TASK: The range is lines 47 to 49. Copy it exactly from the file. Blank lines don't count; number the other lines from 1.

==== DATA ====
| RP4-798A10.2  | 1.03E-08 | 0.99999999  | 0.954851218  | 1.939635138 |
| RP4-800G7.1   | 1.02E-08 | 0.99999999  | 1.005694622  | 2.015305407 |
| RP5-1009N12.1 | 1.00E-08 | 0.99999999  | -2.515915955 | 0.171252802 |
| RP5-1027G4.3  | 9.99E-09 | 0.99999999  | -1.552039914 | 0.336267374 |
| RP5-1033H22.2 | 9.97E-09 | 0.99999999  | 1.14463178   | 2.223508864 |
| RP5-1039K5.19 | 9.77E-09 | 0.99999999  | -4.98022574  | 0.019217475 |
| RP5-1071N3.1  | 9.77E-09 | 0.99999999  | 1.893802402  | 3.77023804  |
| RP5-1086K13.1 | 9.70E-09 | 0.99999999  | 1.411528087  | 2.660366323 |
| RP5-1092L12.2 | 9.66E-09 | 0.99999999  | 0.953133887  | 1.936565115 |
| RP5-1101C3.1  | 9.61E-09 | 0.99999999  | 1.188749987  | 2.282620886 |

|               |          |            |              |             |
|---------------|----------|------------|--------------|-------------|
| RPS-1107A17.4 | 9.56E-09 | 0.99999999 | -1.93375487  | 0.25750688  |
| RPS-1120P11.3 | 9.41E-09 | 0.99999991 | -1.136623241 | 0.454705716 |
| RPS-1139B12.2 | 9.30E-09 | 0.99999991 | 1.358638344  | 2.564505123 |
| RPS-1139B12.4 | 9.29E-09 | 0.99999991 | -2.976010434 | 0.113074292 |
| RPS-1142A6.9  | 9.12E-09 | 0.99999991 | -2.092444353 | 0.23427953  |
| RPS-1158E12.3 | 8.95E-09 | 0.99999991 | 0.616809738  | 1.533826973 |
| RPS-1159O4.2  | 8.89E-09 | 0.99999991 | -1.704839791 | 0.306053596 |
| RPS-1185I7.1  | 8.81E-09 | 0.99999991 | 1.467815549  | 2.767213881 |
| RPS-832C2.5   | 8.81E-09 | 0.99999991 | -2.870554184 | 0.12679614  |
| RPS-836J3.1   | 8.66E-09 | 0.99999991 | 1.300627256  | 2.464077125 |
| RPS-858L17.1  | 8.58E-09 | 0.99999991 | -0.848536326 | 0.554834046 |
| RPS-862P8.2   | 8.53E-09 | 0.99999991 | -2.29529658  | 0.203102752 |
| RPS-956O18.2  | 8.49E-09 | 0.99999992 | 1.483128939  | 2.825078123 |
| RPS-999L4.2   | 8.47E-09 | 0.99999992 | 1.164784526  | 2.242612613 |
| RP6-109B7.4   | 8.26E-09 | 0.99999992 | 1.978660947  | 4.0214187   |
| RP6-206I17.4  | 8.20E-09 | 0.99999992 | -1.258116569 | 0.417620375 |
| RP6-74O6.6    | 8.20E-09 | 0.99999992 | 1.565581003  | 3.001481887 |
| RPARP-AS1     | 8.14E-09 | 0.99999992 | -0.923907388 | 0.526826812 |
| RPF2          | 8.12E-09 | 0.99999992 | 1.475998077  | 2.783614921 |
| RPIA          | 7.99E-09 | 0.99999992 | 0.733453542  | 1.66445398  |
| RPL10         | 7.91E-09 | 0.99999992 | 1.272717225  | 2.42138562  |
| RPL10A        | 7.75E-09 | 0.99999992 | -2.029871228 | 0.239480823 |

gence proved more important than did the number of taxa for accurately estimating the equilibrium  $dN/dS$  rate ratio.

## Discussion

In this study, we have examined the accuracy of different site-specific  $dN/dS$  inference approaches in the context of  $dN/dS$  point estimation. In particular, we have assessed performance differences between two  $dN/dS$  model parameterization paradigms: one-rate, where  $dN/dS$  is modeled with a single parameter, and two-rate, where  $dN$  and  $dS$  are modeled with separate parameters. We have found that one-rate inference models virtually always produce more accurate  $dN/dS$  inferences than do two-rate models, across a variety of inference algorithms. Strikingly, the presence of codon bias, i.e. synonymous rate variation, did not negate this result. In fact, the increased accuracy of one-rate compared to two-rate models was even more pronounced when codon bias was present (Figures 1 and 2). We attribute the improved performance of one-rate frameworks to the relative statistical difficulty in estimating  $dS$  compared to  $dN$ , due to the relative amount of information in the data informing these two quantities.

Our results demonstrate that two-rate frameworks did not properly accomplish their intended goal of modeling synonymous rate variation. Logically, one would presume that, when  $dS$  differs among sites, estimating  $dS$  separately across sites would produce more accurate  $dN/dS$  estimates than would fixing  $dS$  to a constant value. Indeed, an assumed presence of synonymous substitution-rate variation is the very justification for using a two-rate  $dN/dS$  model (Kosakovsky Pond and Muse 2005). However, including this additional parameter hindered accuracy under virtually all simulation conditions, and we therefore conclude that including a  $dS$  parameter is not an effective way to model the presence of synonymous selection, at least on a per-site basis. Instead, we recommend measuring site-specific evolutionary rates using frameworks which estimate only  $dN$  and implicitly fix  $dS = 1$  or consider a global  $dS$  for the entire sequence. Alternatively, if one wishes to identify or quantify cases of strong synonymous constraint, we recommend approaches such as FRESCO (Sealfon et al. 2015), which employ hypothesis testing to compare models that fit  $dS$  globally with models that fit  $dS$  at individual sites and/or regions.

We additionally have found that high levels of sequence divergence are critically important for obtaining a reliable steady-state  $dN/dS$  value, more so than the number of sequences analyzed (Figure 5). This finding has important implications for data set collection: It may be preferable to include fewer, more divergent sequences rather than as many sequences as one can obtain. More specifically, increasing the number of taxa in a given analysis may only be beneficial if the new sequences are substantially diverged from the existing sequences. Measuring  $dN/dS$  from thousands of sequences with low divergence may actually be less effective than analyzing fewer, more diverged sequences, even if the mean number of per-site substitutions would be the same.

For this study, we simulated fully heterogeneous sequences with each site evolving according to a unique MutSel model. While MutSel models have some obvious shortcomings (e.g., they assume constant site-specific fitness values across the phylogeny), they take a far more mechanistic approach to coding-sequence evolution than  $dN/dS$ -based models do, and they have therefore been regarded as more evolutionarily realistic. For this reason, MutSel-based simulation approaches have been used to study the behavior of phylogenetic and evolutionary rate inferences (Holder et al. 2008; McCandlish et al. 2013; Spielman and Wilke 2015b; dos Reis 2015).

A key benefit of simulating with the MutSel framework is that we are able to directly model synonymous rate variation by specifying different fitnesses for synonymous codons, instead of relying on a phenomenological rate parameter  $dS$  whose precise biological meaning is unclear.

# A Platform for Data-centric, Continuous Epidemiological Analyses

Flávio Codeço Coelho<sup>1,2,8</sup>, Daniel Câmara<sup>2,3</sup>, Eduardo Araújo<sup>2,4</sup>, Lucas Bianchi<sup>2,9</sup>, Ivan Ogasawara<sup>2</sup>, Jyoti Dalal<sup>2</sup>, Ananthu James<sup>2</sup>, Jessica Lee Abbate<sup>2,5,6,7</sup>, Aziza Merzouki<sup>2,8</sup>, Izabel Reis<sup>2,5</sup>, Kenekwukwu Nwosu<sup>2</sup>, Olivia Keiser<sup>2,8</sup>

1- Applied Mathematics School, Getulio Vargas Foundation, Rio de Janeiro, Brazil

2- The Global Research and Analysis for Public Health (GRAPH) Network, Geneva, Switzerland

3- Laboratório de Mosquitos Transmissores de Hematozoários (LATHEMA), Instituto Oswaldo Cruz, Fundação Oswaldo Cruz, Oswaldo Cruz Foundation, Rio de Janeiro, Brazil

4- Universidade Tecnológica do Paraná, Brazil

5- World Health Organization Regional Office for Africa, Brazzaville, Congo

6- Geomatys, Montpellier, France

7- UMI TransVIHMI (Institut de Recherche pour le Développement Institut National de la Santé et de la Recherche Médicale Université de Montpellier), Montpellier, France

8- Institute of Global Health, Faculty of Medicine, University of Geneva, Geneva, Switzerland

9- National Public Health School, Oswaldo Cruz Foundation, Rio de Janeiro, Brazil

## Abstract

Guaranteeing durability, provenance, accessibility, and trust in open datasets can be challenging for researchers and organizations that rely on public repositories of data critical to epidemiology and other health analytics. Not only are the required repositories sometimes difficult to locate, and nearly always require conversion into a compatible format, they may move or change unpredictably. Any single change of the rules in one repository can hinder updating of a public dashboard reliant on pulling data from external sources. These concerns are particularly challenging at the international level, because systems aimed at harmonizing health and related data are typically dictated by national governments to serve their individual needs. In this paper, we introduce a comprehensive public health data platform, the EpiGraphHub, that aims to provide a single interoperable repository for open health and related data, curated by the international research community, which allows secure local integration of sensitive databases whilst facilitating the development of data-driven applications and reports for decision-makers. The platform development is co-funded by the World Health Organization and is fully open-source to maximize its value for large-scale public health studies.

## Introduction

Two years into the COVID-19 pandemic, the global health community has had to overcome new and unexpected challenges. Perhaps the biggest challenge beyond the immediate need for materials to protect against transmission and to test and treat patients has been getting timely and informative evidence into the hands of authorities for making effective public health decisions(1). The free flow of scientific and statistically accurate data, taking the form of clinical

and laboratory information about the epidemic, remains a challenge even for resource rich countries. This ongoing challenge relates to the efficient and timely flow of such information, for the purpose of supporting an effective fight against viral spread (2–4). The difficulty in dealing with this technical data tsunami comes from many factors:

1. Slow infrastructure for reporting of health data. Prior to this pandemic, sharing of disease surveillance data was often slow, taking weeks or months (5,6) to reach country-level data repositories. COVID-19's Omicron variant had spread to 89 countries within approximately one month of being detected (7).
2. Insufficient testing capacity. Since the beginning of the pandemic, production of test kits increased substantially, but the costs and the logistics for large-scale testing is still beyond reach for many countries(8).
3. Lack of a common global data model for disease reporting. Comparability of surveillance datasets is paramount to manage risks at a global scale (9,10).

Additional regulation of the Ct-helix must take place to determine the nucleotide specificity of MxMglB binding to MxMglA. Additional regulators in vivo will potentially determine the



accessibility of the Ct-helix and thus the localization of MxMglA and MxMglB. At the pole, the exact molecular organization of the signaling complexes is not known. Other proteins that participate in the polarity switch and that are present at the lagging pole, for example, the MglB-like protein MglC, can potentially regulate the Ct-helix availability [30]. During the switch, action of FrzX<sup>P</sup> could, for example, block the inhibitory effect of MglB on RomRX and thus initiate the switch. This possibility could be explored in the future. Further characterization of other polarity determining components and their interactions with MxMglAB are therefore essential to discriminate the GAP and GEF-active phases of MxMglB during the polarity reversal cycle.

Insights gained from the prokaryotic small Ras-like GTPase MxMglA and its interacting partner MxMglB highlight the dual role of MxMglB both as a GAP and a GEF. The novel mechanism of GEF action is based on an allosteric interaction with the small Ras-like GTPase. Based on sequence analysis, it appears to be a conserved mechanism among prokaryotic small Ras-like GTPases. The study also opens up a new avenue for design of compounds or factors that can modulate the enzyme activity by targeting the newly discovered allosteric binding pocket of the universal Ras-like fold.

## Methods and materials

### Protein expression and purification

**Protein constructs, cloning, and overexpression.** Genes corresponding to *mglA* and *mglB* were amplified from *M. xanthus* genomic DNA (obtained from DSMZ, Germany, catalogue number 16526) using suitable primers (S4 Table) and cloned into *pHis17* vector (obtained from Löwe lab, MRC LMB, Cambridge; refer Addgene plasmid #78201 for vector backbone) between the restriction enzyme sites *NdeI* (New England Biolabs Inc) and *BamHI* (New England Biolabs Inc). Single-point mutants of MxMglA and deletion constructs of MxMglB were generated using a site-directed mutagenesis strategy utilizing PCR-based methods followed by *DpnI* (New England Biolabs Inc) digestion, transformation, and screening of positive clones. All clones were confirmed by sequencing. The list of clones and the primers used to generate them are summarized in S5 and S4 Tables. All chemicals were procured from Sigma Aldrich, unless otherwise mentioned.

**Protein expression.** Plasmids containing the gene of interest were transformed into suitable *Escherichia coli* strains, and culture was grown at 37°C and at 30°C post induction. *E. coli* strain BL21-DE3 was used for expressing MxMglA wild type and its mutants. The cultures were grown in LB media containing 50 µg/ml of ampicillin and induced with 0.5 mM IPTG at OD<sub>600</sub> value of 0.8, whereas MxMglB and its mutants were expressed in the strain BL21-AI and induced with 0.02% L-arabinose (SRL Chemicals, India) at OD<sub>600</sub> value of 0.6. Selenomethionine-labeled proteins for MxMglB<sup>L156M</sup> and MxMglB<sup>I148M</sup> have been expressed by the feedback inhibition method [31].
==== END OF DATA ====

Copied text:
4- Universidade Tecnológica do Paraná, Brazil

5- World Health Organization Regional Office for Africa, Brazzaville, Congo

6- Geomatys, Montpellier, France